In­tro­duc­ing anew Porsche to the fleet: James Rup­pert’s Cayenne V8 S. Plus we say good­bye to Jeremy Laird’s Cay­man, AKA the ‘Croc’

911 Porsche World - - Contents -

To para­phrase Quentin Tarantino, the Croc’s dead, baby. The Croc’s dead. Not at the hand of Marsel­lus Wal­lace in some kind of macabre mod­ern day tor­ture cham­ber. Not, in fact, ac­tu­ally dead at all. But dead to me. For the Croc has been sold and an era ended.

This, of course, comes in com­plete con­tra­dic­tion to my un­equiv­o­cal claim that the Croc was at the very least a long term keeper and just maybe a for­ever car. In my de­fence, four years and 60-odd thou­sand miles hardly ranks as a quick fling. But my ex­pec­ta­tions were cer­tainly for a much longer run. So what hap­pened?

No one sin­gle catas­tro­phe, more a con­flu­ence of events and thoughts led to what was, ul­ti­mately, a re­mark­ably rapid change of heart. From day one back in Au­gust 2014 when I bought the Croc, I’ve had my doubts. I couldn’t quite get its 986 Boxster pre­de­ces­sor out of mind, nor could I en­tirely come to terms with some of the 987’s more mod­ern trap­pings. The re­mote and rub­bery char­ac­ter of its feed­back. The gruff, con­trived sound­track. The oc­ca­sion­ally fussy styling.

Sig­nif­i­cant ef­fort went into sort­ing some of its more ob­vi­ous short­com­ings. A big­ger brake mas­ter cylin­der sorted the pedal feel very nicely. Fun-sized 17-inch rims with skinny tyres did won­ders for the chas­sis’ trans­parency, feed­back and all-round sweet­ness, not to men­tion its on-limit ap­proach­a­bil­ity.

And make no mis­take, there will be plenty of things I’ll miss about the Croc. Most of all, I’ll miss its sense of densely-en­gi­neered so­lid­ity. 987 Cay­mans are among the most, if

not ac­tu­ally the very most, solid-feel­ing cars I’ve ever driven. On pa­per, its 997 coupe sib­ling is even stiffer, but that’s not how it feels. Any­thing newer from Porsche feels rel­a­tively hol­low and plas­tic in com­par­i­son.

I’ll also miss glimps­ing those volup­tuous hips in the side mir­rors and the shapely driver’s side front wing from be­hind the wheel. The prac­ti­cal­ity of the dual boots plus par­cel shelf like­wise mer­its men­tion. De­spite all that, mem­o­ries of the 986 Boxster’s be­guil­ing char­ac­ter sim­ply would not fade. And the fi­nal clincher? That in­volved the long-term out­look for the Croc’s 3.4-litre en­gine, which wasn’t good.

As de­tailed in is­sues of 911&PW pas­sim, my Cay­man had a new en­gine block un­der war­ranty shortly after I bought it and with around 42,000 miles on the clock. With the new block now show­ing around 65,000 miles of its own (for a grand to­tal just un­der 110K on the chas­sis as a whole), fears of a re­peat fail­ure loomed large. After around 35,000 miles on the new block, the oil con­sump­tion be­gan to creep up grad­u­ally. A pair of bore in­spec­tions over the fol­low­ing 18 months re­vealed no ev­i­dence that the bores were on their way out. But with the rate I’d been clock­ing up the miles (20,000, an­nu­ally) the en­gine could eas­ily go from com­pletely fine to ter­mi­nally scored in a sin­gle cal­en­dar year. There’s just no way of know­ing if and when it’s go­ing to hit.

The con­se­quence of that would be a bill for around £12,000 for a qual­ity re­build at the likes of Hartech. Not bad value at all com­pared to the price peo­ple are now pay­ing to have air-cooled 911 en­gines re­freshed. But nev­er­the­less not hugely ap­peal­ing, es­pe­cially when the re­build cost would ri­val the value of the car. I find that lat­ter re­al­ity pretty hard to process.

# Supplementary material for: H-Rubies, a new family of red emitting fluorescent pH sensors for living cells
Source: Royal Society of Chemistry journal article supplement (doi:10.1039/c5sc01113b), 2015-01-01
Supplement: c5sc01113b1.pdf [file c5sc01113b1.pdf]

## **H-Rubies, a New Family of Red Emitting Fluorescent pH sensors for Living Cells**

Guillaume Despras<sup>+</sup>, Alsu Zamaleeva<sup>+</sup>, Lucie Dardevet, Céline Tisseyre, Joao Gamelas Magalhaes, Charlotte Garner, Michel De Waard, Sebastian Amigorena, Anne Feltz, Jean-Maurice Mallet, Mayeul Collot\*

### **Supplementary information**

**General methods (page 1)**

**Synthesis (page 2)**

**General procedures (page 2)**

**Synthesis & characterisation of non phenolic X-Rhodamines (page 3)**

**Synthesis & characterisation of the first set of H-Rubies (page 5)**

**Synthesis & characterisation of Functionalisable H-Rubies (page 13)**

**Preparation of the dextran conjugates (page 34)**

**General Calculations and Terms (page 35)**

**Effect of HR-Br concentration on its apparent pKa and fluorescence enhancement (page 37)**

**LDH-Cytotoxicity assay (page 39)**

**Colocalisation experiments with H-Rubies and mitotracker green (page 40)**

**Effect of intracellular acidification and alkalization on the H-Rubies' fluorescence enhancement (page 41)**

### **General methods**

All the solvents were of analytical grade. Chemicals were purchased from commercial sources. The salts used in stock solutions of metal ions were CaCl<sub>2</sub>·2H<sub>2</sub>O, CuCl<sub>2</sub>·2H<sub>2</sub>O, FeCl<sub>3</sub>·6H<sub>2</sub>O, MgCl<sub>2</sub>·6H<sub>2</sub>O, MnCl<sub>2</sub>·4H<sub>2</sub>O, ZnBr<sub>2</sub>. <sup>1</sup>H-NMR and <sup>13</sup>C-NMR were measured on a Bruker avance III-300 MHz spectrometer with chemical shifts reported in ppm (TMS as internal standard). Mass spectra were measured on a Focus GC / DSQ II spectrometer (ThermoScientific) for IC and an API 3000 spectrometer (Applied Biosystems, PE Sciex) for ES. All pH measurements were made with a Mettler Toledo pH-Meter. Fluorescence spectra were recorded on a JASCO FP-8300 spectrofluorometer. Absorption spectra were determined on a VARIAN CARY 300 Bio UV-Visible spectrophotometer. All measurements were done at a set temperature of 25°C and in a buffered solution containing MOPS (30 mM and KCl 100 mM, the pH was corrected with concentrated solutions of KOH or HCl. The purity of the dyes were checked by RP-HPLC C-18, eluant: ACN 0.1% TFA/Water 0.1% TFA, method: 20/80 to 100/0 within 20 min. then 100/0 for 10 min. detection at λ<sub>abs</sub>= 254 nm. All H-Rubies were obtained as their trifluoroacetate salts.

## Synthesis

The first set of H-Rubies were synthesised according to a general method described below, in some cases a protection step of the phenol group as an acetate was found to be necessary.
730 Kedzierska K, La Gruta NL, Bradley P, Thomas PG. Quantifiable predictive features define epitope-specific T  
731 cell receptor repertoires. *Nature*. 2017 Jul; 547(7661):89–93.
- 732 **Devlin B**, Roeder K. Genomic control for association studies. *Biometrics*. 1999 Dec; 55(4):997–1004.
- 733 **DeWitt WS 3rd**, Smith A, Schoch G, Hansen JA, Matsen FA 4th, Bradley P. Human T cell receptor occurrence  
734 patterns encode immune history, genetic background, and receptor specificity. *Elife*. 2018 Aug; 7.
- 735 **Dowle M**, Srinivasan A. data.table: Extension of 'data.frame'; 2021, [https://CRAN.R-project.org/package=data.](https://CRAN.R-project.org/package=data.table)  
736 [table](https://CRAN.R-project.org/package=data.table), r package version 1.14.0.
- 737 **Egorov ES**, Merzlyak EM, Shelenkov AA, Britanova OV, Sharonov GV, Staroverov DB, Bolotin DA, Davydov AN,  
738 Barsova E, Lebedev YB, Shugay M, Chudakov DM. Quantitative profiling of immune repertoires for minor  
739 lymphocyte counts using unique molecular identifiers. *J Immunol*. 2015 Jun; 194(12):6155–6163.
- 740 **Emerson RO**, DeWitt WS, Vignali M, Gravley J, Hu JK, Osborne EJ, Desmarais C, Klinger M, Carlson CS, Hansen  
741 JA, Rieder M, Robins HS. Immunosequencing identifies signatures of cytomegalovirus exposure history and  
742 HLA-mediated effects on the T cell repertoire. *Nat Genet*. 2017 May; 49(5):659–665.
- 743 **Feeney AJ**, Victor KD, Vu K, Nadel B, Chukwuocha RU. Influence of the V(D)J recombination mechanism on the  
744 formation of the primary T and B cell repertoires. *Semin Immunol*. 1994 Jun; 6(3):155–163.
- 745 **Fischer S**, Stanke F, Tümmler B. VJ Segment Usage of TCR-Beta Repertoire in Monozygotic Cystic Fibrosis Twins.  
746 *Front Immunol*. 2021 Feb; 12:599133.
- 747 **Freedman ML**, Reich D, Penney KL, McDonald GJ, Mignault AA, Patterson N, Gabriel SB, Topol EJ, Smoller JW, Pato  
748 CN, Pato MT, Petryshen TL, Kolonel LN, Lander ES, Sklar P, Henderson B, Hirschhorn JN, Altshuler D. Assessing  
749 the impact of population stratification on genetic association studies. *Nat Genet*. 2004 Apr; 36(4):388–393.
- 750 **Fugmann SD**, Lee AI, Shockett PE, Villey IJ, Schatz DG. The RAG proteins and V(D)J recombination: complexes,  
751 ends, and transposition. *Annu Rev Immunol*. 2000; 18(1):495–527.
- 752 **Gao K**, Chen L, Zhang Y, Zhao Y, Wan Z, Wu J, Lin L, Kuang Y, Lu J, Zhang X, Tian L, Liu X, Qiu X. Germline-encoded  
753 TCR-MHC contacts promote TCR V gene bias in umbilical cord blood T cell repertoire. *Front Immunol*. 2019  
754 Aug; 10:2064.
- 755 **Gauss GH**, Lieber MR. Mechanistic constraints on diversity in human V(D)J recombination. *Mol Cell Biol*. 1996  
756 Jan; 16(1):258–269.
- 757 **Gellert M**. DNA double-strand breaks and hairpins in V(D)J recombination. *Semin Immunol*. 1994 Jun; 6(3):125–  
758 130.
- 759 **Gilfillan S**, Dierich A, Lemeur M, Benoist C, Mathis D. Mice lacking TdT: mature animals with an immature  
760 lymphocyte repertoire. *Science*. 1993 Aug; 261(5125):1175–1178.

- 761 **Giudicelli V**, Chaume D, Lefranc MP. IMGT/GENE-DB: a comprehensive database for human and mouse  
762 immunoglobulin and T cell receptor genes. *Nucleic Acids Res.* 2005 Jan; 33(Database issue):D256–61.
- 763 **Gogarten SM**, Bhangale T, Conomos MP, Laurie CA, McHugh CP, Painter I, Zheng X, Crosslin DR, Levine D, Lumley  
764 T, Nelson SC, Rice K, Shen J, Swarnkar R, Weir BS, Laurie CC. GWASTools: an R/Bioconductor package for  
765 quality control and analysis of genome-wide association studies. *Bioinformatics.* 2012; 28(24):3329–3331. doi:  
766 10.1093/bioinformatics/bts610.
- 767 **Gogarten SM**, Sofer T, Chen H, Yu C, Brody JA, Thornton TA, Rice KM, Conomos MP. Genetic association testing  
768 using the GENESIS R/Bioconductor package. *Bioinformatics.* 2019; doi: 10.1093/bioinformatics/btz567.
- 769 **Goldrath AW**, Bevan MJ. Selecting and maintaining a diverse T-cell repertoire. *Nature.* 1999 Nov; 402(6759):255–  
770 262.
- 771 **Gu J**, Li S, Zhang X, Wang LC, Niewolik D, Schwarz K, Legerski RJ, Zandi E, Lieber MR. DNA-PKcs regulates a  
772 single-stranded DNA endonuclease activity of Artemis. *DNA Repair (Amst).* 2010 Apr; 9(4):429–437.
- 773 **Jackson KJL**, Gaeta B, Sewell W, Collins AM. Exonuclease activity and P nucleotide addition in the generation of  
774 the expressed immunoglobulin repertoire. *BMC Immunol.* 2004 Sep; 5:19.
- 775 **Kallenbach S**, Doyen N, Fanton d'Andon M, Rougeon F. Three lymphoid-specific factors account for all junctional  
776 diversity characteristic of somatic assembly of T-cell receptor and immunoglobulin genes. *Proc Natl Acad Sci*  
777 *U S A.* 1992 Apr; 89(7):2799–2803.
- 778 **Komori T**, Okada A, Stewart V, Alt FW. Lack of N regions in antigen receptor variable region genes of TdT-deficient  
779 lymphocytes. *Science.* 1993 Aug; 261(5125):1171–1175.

Any­way, while the un­cer­tainty re­gard­ing the en­gine gnawed away at me, the fact that I could trade the Croc for a low-mile 986 Boxster of my choos­ing for es­sen­tially no out­lay be­came ever harder to ig­nore. I was in two minds about my pref­er­ence for 986 over 987 even with­out en­gine wor­ries. Fac­tor those in and it made the move pretty easy in the end.

The only snag was what, ex­actly, to do with the Croc, which was some­thing of a quandary. As far as I knew, the Croc’s en­gine was OK. But at the same time, I had lit­tle faith it would stay that way. I made a very low key of­fer to sell pri­vately and a few brave souls did make con­tact. But in­vari­ably found my­self talk­ing them out of the pur­chase.

The whole sit­u­a­tion was slightly odd as my Croc was and very likely is no worse a prospect than most high-mile gen 1 987s with the 3.4-litre lump. But then I’d have to say I doubt many if any of them are great long term prospects un­less you are happy to take a re­build in your stride or plan to do very few miles. The bore scor­ing prob­lem with the big­ger M97 en­gines re­ally is a great, great pity.

Long story short, then, I sold it cheap into the trade for a fig­ure lower than £10,000. Pain­ful for such a nicely pre­served car. But such is life. Oh and be­fore some­body sug­gests the 986 Boxster’s en­gine is barely any bet­ter, on that I’d have to dis­agree. With­out go­ing into the de­tails, the 3.2 doesn’t bore score and the IMS is­sue is man­age­able.

What­ever, a 986 3.2 is in­com­ing and quite pos­si­bly it will have been ac­quired by the time you read these words. That is, of course, the car I had orig­i­nally in­tended to buy be­fore mis­sion creep and the se­duc­tion of rel­a­tively shiny new­ness led me down the path to a 987. If I knew then what I know now, I wouldn’t have bought the Croc. But I didn’t and so I don’t re­gret any of it. My Cay­man may not have been quite to my taste in many ways. The wor­ries over the en­gine woes cer­tainly cast a shadow over the whole ex­pe­ri­ence. And yet it was a fab­u­lous car to live with and gave me four of my very best mo­tor­ing years. It’s very much a mod­ern clas­sic in the mak­ing. So long, Croc, and thanks for all the thrills. PW

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